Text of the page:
Colombia develops export-focused golden berry varieties

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Colombia develops export-focused golden berry varieties

After nearly a decade of research, Colombia has developed and registered two golden berry varieties that are expected to be of great benefit to growers.

A representative from the Colombian Corporation of Agricultural Research (Corpoica) said the two varieties that had been selected - Corpoica Dorada y Corpoica Andina - were highly productive and had a strong export potential.

Both of them are now being tested throughout the country.uchuva_dorada_cund_03-web

The golden berry goes by numerous names including aguaymanto, physalis, and Cape gooseberry, and have soared in popularity over recent years.

Corpoica researcher Víctor Núñez told the two varieties had been selected and developed by the organization.

"The Corpoica Dorada variety did not come from a seed or plant reproduction, as is generally the case. This variety was created with in vitro laboratory technology," he said, adding a key aspect of the program was to create more uniform plants in terms of size, vigor, and fruit quality.

Núñez said that in Colombia - as is the case in many golden berry-growing countries - there were not different varieties as such, but rather ecotype plant materials that are shared between growers.

It was for this reason the researcher said the project was important for Colombia's future as a major exporter of the berry.

Corpoica Dorado was selected from 415 plants that were being evaluated, and Núñez highlighted its productivity as a key attribute.

"We have seen that in 48 days of harvest, one plant can produce 1.2 kilograms, and if we measure by annual production, this variety can reach 20 tons per hectare, much more than the national average of 9 to 14 tons per hectare," he said.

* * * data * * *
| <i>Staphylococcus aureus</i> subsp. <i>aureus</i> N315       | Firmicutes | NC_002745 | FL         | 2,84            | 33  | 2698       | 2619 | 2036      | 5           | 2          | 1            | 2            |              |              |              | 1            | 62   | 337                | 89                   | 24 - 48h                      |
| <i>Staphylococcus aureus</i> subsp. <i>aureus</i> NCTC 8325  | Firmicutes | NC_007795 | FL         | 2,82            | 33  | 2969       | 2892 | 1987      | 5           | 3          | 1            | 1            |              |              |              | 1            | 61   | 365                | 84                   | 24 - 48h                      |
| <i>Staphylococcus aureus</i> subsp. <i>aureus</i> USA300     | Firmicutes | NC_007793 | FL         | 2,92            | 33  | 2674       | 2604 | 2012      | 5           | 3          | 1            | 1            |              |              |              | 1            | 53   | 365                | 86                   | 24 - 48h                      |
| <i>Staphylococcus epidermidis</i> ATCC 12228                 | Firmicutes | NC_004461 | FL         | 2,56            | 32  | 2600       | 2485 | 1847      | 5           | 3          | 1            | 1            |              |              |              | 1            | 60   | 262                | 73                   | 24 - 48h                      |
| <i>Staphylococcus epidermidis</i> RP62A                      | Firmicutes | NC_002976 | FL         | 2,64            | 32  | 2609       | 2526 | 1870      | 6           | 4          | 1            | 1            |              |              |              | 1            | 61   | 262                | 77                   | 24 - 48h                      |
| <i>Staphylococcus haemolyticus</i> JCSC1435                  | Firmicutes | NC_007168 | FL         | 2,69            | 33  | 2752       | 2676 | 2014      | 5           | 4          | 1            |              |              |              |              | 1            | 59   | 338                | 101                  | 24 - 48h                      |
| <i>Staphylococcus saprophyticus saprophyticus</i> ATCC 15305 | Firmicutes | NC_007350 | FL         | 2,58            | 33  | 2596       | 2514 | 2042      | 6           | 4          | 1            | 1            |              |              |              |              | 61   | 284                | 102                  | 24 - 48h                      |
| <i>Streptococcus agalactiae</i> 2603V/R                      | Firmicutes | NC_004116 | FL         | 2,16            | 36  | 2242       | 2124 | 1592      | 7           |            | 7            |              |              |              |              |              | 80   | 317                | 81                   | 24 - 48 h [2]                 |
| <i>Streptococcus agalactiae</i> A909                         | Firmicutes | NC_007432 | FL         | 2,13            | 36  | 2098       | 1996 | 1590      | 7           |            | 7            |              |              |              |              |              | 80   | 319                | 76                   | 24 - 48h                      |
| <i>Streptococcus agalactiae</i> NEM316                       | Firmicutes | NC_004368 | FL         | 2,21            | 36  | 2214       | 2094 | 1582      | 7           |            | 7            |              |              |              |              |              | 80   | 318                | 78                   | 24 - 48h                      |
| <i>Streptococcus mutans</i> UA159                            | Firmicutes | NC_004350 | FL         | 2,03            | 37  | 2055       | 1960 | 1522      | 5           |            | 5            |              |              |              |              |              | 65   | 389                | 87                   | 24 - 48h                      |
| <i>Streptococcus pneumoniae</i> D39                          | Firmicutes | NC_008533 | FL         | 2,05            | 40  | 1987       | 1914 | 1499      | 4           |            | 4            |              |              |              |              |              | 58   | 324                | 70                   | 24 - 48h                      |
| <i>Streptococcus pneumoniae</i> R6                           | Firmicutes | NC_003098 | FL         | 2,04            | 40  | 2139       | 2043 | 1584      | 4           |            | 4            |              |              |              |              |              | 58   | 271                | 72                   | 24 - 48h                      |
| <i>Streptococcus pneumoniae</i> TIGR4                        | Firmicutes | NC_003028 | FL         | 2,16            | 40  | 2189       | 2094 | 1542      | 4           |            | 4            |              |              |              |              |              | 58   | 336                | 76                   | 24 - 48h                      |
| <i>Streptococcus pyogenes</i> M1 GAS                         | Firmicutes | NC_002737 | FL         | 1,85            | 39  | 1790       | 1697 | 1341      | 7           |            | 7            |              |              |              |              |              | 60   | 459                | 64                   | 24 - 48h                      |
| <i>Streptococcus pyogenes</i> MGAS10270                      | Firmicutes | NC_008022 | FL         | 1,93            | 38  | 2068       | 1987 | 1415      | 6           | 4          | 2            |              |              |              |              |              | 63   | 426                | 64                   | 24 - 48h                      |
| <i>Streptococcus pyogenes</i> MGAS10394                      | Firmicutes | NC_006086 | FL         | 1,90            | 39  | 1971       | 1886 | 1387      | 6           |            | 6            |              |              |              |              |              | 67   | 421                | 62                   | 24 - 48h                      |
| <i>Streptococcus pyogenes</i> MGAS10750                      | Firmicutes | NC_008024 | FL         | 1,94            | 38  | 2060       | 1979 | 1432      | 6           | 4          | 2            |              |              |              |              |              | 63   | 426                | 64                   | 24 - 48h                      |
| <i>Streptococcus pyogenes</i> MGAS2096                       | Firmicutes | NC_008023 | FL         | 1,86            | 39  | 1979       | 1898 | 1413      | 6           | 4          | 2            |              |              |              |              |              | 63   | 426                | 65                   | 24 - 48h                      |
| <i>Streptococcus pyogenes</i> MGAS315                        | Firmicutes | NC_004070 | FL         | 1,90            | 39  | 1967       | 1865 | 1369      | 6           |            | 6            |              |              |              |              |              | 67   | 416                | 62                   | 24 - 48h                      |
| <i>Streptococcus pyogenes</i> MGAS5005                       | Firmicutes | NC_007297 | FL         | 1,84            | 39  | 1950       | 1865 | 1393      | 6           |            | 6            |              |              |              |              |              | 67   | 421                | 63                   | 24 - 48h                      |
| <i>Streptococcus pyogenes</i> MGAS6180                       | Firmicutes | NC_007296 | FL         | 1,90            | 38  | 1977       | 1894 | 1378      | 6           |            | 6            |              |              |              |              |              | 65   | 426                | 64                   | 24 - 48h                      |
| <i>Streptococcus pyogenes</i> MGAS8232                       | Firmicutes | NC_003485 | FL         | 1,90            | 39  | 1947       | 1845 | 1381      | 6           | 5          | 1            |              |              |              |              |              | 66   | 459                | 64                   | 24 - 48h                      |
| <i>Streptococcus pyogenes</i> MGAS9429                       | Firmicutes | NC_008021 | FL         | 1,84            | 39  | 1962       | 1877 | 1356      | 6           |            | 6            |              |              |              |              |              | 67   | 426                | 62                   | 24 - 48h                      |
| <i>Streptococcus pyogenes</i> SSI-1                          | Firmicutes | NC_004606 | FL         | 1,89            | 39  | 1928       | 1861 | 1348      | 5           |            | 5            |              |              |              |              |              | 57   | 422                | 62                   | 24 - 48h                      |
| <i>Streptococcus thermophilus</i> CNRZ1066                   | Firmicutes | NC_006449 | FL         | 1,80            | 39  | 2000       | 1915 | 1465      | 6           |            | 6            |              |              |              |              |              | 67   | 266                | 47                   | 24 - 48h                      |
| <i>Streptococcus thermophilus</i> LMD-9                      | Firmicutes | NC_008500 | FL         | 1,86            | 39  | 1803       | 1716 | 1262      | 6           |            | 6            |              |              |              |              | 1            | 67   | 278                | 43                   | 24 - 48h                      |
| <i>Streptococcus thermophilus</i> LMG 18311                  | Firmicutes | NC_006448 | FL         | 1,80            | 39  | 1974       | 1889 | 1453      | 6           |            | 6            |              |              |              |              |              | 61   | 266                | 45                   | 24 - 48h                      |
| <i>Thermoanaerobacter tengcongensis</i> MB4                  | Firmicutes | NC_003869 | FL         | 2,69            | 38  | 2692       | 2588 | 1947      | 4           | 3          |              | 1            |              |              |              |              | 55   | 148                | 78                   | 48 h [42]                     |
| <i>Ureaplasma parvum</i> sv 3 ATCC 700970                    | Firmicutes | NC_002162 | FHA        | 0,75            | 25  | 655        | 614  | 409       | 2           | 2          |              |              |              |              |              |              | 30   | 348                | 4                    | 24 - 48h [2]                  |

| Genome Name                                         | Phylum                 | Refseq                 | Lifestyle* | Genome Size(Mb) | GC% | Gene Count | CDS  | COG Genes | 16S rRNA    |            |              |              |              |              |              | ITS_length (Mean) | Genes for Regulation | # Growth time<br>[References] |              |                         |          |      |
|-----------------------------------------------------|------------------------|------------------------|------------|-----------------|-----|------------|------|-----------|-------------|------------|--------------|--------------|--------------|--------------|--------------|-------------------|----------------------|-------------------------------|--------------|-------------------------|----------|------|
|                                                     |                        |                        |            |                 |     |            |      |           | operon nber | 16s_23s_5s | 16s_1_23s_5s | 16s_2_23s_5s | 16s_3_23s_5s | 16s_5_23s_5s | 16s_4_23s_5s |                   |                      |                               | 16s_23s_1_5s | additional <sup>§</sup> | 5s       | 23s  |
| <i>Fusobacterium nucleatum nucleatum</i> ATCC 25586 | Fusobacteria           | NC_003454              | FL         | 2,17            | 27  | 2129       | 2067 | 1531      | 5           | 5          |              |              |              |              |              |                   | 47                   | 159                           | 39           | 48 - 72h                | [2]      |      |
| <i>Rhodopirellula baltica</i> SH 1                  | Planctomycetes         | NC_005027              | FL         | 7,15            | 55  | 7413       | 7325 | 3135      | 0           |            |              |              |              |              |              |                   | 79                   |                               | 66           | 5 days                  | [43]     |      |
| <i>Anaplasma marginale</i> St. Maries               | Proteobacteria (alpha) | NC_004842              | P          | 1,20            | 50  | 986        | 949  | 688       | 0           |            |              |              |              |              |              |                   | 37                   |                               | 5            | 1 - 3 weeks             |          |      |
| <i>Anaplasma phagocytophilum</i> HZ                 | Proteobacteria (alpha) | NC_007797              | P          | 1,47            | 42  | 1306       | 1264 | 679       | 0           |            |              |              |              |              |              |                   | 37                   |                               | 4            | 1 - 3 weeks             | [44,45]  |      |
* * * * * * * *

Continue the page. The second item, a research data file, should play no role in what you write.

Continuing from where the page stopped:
"We have also seen that the fruit quality is very good, there is much uniformity in the taste and importantly it splits very little - just 2.7% of the fruit, which is very low if we compare it to the average of 10%."

He added that in some areas up to 45% of fruit can be damaged by splitting.

As for the other variety, Corpoica Andina, the researcher said the process was different, as the plant had been found in an open field and from there work was carried out to create the seeds.

"This variety has very interesting characteristics, a much sweeter taste than the traditional golden berry, a compact size. It has a similar productivity to the Dorada, but it has a much higher split rate of around 5%," he said.

Núñez's aim is for producers to be able to compare the two new varieties with what they are currently using and decide whether or not to adopt them.

While they have not yet been commercialized, on Nov. 11 during the official launch around 3,000 seeds were given out to growers free of charge.

"The people who weren't able to attend can also request the seeds for free from Corpoica, for enough to plant approximately one hectare and to therefore let them compare our varieties with the their ones," he said.

From all the growers who plant the seeds, two or three will be selected per region to continue cultivating the varieties under commercial conditions.

Tests are currently being carried out to assess how the varieties behave under export conditions, but Núñez highlighted exports would be a medium-term goal and would need approval from both Corpoica and the Ministry of Agriculture.

There are currently around 870 hectares of golden berry production in Colombia.


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